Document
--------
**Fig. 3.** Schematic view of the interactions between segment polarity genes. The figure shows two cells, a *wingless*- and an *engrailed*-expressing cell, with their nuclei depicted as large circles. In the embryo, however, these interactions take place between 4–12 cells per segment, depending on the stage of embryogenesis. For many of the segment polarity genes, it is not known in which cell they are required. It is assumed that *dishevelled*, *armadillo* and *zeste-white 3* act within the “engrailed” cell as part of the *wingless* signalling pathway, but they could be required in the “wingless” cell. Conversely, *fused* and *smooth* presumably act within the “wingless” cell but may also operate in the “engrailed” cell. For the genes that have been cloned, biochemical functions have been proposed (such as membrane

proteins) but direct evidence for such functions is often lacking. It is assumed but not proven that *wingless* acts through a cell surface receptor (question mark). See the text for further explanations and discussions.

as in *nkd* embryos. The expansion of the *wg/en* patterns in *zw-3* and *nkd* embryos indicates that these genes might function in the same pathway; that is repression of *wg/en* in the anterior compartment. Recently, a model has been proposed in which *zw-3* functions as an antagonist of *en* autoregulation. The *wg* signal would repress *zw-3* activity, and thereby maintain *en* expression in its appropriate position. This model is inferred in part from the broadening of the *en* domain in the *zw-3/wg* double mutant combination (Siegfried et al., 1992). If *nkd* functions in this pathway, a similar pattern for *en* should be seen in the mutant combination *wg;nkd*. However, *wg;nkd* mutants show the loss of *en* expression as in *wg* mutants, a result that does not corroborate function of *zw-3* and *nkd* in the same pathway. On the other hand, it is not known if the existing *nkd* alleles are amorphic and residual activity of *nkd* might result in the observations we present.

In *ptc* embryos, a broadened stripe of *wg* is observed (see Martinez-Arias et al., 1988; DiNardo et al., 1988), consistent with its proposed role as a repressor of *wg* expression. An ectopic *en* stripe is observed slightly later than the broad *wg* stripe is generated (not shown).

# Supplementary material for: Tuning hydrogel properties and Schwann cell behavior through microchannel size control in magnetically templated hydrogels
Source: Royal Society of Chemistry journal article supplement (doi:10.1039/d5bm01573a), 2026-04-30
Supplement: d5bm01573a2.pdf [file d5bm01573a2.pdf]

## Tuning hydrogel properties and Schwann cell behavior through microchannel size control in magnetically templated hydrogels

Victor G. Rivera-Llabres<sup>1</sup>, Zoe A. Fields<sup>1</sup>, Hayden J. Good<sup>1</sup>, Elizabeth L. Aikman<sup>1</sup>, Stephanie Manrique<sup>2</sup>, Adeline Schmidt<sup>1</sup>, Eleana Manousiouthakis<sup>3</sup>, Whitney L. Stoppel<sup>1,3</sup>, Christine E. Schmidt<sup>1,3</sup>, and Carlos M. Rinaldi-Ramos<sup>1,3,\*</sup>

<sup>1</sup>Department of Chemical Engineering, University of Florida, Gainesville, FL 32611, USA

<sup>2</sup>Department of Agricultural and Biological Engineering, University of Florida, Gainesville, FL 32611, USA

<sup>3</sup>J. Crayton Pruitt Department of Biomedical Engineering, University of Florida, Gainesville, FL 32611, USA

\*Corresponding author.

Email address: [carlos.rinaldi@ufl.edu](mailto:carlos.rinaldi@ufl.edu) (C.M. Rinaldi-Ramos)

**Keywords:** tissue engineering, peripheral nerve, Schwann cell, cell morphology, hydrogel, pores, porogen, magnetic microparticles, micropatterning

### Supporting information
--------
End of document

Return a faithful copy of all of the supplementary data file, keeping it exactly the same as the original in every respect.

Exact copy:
**Fig. 3.** Schematic view of the interactions between segment polarity genes. The figure shows two cells, a *wingless*- and an *engrailed*-expressing cell, with their nuclei depicted as large circles. In the embryo, however, these interactions take place between 4–12 cells per segment, depending on the stage of embryogenesis. For many of the segment polarity genes, it is not known in which cell they are required. It is assumed that *dishevelled*, *armadillo* and *zeste-white 3* act within the “engrailed” cell as part of the *wingless* signalling pathway, but they could be required in the “wingless” cell. Conversely, *fused* and *smooth* presumably act within the “wingless” cell but may also operate in the “engrailed” cell. For the genes that have been cloned, biochemical functions have been proposed (such as membrane

proteins) but direct evidence for such functions is often lacking. It is assumed but not proven that *wingless* acts through a cell surface receptor (question mark). See the text for further explanations and discussions.

as in *nkd* embryos. The expansion of the *wg/en* patterns in *zw-3* and *nkd* embryos indicates that these genes might function in the same pathway; that is repression of *wg/en* in the anterior compartment. Recently, a model has been proposed in which *zw-3* functions as an antagonist of *en* autoregulation. The *wg* signal would repress *zw-3* activity, and thereby maintain *en* expression in its appropriate position. This model is inferred in part from the broadening of the *en* domain in the *zw-3/wg* double mutant combination (Siegfried et al., 1992). If *nkd* functions in this pathway, a similar pattern for *en* should be seen in the mutant combination *wg;nkd*. However, *wg;nkd* mutants show the loss of *en* expression as in *wg* mutants, a result that does not corroborate function of *zw-3* and *nkd* in the same pathway. On the other hand, it is not known if the existing *nkd* alleles are amorphic and residual activity of *nkd* might result in the observations we present.

In *ptc* embryos, a broadened stripe of *wg* is observed (see Martinez-Arias et al., 1988; DiNardo et al., 1988), consistent with its proposed role as a repressor of *wg* expression. An ectopic *en* stripe is observed slightly later than the broad *wg* stripe is generated (not shown).

# Supplementary material for: Tuning hydrogel properties and Schwann cell behavior through microchannel size control in magnetically templated hydrogels
Source: Royal Society of Chemistry journal article supplement (doi:10.1039/d5bm01573a), 2026-04-30
Supplement: d5bm01573a2.pdf [file d5bm01573a2.pdf]

## Tuning hydrogel properties and Schwann cell behavior through microchannel size control in magnetically templated hydrogels

Victor G. Rivera-Llabres<sup>1</sup>, Zoe A. Fields<sup>1</sup>, Hayden J. Good<sup>1</sup>, Elizabeth L. Aikman<sup>1</sup>, Stephanie Manrique<sup>2</sup>, Adeline Schmidt<sup>1</sup>, Eleana Manousiouthakis<sup>3</sup>, Whitney L. Stoppel<sup>1,3</sup>, Christine E. Schmidt<sup>1,3</sup>, and Carlos M. Rinaldi-Ramos<sup>1,3,\*</sup>

<sup>1</sup>Department of Chemical Engineering, University of Florida, Gainesville, FL 32611, USA

<sup>2</sup>Department of Agricultural and Biological Engineering, University of Florida, Gainesville, FL 32611, USA

<sup>3</sup>J. Crayton Pruitt Department of Biomedical Engineering, University of Florida, Gainesville, FL 32611, USA

\*Corresponding author.

Email address: [carlos.rinaldi@ufl.edu](mailto:carlos.rinaldi@ufl.edu) (C.M. Rinaldi-Ramos)

**Keywords:** tissue engineering, peripheral nerve, Schwann cell, cell morphology, hydrogel, pores, porogen, magnetic microparticles, micropatterning

### Supporting information